February 7

Healthy, Wealthy, and Wise: Living Ethically in the Light of the Bible

Reading schedule

Matthew 12:1-21; Acts 16:16-40; Psalm 31; Exodus 13-14

In Matthew 12:12, Jesus declares, “How much more valuable is a man than a sheep!” Here is one of the clearest statements in the Bible that humans are of greater value than animals. This is one of the reasons why we may use animals in ways that we should never use people. We may keep animals as property, sell them and put them to work for us, and some we may even kill and eat. Such treatment arises from the fact that only humans are created in the image and likeness of God (Genesis 1:26-27). Also, humans are given dominion over all other species (Genesis 1:28). Animal rights advocates go too far when they claim that humans are of no more value than animals, or that it is ‘speciesism’ to treat animals differently to humans.

However, animals and other species have suffered much at the hands of humans. Jesus’ comparison should not be taken as license to do whatever we want with animals. His statement is not an isolated proverb, and demonstrates the importance of interpreting biblical verses in their context. Jesus makes his statement after pointing out that it would be good, and lawful, to rescue a sheep that had fallen into a pit—even on the Sabbath. The original audience was concerned that doing certain things on the Sabbath would be viewed as work and therefore against Jewish law. Jesus’ statement is made to point out that since they accepted that it would be good to rescue a sheep on the Sabbath, they should be even more willing to do good for humans—since humans are more valuable than sheep. Justifying any sort of cruel or inhumane treatment of animals from this passage contradicts its message. The biblical distinction between humans and animals does not justify mistreating animals.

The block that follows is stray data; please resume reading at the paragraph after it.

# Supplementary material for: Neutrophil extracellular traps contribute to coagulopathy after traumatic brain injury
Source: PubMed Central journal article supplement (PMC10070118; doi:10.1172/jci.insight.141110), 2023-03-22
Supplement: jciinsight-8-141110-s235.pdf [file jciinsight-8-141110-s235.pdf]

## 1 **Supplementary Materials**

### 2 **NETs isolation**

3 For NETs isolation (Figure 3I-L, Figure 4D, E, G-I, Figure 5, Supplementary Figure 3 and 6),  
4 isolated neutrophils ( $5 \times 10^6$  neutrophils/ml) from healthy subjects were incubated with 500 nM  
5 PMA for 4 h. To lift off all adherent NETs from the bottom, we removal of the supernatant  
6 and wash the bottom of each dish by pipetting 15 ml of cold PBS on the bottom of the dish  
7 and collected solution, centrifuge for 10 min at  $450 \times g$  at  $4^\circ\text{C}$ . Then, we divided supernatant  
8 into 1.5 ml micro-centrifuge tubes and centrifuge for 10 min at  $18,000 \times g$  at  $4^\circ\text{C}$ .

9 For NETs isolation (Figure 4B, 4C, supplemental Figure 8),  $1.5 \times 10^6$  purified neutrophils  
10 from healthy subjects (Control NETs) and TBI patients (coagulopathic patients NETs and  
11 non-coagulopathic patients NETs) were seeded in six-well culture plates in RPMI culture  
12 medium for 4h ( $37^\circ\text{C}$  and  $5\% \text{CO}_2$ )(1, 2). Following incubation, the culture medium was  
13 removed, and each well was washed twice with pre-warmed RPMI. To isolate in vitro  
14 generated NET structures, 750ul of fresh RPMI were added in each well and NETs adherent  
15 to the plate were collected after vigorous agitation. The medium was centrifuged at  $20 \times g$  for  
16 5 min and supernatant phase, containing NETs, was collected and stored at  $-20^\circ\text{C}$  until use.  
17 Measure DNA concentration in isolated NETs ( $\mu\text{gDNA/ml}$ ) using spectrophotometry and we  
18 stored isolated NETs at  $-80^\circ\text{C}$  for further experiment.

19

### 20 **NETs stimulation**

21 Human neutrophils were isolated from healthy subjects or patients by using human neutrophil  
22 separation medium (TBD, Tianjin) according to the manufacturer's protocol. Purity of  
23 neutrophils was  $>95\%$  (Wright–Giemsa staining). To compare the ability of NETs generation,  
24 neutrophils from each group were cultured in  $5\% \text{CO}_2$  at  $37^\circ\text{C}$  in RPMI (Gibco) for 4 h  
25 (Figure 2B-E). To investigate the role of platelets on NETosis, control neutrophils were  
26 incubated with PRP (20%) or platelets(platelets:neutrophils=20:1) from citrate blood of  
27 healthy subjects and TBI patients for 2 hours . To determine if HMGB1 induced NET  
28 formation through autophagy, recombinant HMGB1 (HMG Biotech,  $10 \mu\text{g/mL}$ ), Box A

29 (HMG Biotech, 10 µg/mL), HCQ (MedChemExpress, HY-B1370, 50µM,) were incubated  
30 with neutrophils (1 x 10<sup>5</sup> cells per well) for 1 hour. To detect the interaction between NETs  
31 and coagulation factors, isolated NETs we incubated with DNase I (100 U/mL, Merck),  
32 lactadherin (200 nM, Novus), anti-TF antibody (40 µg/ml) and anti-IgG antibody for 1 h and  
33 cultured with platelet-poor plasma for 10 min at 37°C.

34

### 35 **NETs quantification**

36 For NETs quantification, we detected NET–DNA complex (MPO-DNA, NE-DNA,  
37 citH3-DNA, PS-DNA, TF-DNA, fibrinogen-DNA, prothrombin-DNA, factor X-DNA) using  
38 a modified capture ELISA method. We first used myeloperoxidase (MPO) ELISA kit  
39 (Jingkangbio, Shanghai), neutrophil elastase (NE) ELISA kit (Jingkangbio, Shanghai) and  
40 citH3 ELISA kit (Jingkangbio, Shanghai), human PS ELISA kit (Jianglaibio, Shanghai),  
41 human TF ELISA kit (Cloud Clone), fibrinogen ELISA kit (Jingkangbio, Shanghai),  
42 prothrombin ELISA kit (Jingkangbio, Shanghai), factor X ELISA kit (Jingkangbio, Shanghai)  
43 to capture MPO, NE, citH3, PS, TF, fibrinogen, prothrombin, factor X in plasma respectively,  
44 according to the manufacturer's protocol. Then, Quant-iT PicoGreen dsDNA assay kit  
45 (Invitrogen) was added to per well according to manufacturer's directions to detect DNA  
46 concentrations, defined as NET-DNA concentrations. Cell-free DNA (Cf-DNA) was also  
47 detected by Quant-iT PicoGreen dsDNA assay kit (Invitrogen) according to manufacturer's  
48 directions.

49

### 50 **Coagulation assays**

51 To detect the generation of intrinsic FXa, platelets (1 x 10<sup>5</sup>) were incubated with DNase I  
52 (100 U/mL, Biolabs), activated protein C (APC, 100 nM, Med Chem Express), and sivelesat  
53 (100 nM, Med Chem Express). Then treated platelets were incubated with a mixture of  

The beginning of Matthew 12 gives the broader principle of this passage. Even the breaking of temple laws can be justified because God desires compassion, not sacrifice. The guiding principle for our behaviour towards animals should be to demonstrate the character of God—in this instance, showing compassion. Similarly, animals were not to be muzzled when threshing because of how unfair it would be to prevent them reaping some reward from their work (1 Timothy 5:18). Our treatment of animals, and all of creation, should reflect the character and likeness of God to a watching world. That is why God compares himself to a Good Shepherd—one who guides, protects and feeds those under his care, even to the point of laying down his life for them (Ezekiel 34; John 10).

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